GE, AT&T ink smart city deal around Current's CityIQ sensors

GE plans to install Current's CityIQ sensor nodes on 3,200 street light poles across San Diego, with AT&T handling data connectivity.
Written by Natalie Gagliordi, Contributor

Image via AT&T.

AT&T has signed a deal with GE to install its Current CityIQ sensors onto streetlights in various US cities, beginning with San Diego, Calif. The two corporations say smart street lighting will help cities monitor things like traffic patterns, parking, air quality, weather emergencies, and even gun violence on city streets.

As part of the agreement, GE plans to install Current's CityIQ sensor nodes on 3,200 street light poles across San Diego as the city upgrades 14,000 light fixtures to Current's Evolve LED luminaires. AT&T will act as the data carrier and provide "highly secure connectivity" for the San Diego deployment, according to a press release.

"Intelligent lighting plays a huge role in a smart city," said Chris Penrose, president of IoT solutions for AT&T. "Our collaboration with Current will enable us to use a city's existing lighting infrastructure to more securely connect sensor-enabled networks. This will put them on the path to becoming a smarter, more sustainable city."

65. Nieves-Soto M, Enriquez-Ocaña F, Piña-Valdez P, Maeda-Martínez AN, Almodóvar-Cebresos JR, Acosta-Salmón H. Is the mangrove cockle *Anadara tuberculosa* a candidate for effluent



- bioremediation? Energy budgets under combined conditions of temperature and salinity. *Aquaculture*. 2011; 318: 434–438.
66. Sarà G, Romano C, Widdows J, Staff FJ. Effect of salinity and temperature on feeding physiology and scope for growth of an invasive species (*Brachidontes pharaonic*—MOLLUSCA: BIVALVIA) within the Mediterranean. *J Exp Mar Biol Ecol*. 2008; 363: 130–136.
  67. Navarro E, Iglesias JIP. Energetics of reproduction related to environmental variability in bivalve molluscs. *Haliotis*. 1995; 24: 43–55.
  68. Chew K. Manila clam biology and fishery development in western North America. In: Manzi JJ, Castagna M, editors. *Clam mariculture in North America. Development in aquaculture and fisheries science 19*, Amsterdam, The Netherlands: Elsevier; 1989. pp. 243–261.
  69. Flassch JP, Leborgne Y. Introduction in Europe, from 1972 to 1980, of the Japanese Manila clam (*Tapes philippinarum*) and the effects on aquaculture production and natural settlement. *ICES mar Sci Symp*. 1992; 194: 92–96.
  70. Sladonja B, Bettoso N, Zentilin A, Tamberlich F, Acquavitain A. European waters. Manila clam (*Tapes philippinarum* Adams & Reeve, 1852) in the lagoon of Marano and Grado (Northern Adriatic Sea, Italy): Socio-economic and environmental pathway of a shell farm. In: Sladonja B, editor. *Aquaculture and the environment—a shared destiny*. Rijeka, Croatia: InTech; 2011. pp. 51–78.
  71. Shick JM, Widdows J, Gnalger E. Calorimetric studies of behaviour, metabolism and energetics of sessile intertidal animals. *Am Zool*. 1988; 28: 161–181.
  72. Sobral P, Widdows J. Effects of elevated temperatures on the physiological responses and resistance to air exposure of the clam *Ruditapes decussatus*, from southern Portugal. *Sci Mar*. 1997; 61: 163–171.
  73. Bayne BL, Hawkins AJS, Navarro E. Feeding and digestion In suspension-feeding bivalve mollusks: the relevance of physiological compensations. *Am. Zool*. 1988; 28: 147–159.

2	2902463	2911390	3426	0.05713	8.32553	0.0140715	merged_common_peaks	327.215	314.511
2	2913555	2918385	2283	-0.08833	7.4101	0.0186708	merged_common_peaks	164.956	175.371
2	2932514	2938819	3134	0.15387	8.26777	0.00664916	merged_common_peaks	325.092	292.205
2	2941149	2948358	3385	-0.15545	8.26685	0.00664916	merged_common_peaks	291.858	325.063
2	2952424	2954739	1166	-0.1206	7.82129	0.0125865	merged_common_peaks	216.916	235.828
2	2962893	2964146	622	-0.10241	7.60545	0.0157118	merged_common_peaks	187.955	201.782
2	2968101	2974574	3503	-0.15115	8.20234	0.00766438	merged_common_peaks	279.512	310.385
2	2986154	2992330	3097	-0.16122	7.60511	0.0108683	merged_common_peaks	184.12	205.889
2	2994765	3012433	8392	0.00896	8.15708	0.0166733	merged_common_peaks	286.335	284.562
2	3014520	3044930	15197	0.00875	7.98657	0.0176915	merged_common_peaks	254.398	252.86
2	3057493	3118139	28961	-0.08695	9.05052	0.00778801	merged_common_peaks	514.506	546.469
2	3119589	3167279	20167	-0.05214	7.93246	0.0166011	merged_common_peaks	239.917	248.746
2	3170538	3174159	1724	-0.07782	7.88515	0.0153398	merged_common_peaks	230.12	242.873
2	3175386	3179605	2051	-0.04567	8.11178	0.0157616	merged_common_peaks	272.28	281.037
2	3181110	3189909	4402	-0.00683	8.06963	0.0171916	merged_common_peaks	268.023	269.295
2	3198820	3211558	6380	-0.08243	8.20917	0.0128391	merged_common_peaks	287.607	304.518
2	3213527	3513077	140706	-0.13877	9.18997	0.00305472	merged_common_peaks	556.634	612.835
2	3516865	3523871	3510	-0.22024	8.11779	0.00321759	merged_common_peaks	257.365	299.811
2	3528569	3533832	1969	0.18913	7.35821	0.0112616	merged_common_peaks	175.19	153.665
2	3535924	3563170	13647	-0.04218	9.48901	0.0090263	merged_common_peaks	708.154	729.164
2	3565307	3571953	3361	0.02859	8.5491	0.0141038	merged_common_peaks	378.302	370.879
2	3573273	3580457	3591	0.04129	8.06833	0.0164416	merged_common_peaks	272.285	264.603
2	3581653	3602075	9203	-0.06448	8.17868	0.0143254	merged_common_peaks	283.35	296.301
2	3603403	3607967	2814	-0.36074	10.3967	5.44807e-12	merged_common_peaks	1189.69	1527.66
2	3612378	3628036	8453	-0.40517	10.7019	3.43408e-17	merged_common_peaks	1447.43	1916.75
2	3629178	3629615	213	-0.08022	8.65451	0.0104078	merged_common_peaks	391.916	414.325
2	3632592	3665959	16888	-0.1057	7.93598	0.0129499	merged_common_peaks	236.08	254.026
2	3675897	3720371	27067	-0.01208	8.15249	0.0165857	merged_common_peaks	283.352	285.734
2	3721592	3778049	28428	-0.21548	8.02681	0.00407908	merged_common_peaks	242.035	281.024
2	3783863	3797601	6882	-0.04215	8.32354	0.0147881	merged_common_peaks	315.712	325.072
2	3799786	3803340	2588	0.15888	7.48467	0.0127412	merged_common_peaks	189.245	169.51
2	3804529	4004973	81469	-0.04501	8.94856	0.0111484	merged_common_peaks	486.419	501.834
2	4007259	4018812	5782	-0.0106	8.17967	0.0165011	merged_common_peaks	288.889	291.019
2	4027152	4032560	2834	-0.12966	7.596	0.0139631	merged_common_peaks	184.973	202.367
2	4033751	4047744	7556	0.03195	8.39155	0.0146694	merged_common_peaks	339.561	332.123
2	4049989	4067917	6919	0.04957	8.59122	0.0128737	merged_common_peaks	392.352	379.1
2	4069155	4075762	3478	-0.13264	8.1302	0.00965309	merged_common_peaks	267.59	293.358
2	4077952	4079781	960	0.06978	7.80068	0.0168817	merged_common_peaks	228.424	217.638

David Graham, San Diego's chief deputy officer, said the current installation plans are only the beginning for the project, which could be expanded with another 3,000 sensor points later this year. The smart streetlights are just part of a $30 million upgrade to the city's lighting system, which could reduce San Diego's energy costs by up to $2.4 million annually.

For AT&T, the project builds off of the company's Smart Cities organization it launched in 2015, which aims to create a framework for cities looking to develop holistic smart cities strategies. The deal also builds on AT&T's membership in GE's Digital Alliance program, where it serves as a connectivity-as-a-service collaborator for GE's Predix platform.

VIDEO: Intel's drone light show at Super Bowl will lead to more business use

Editorial standards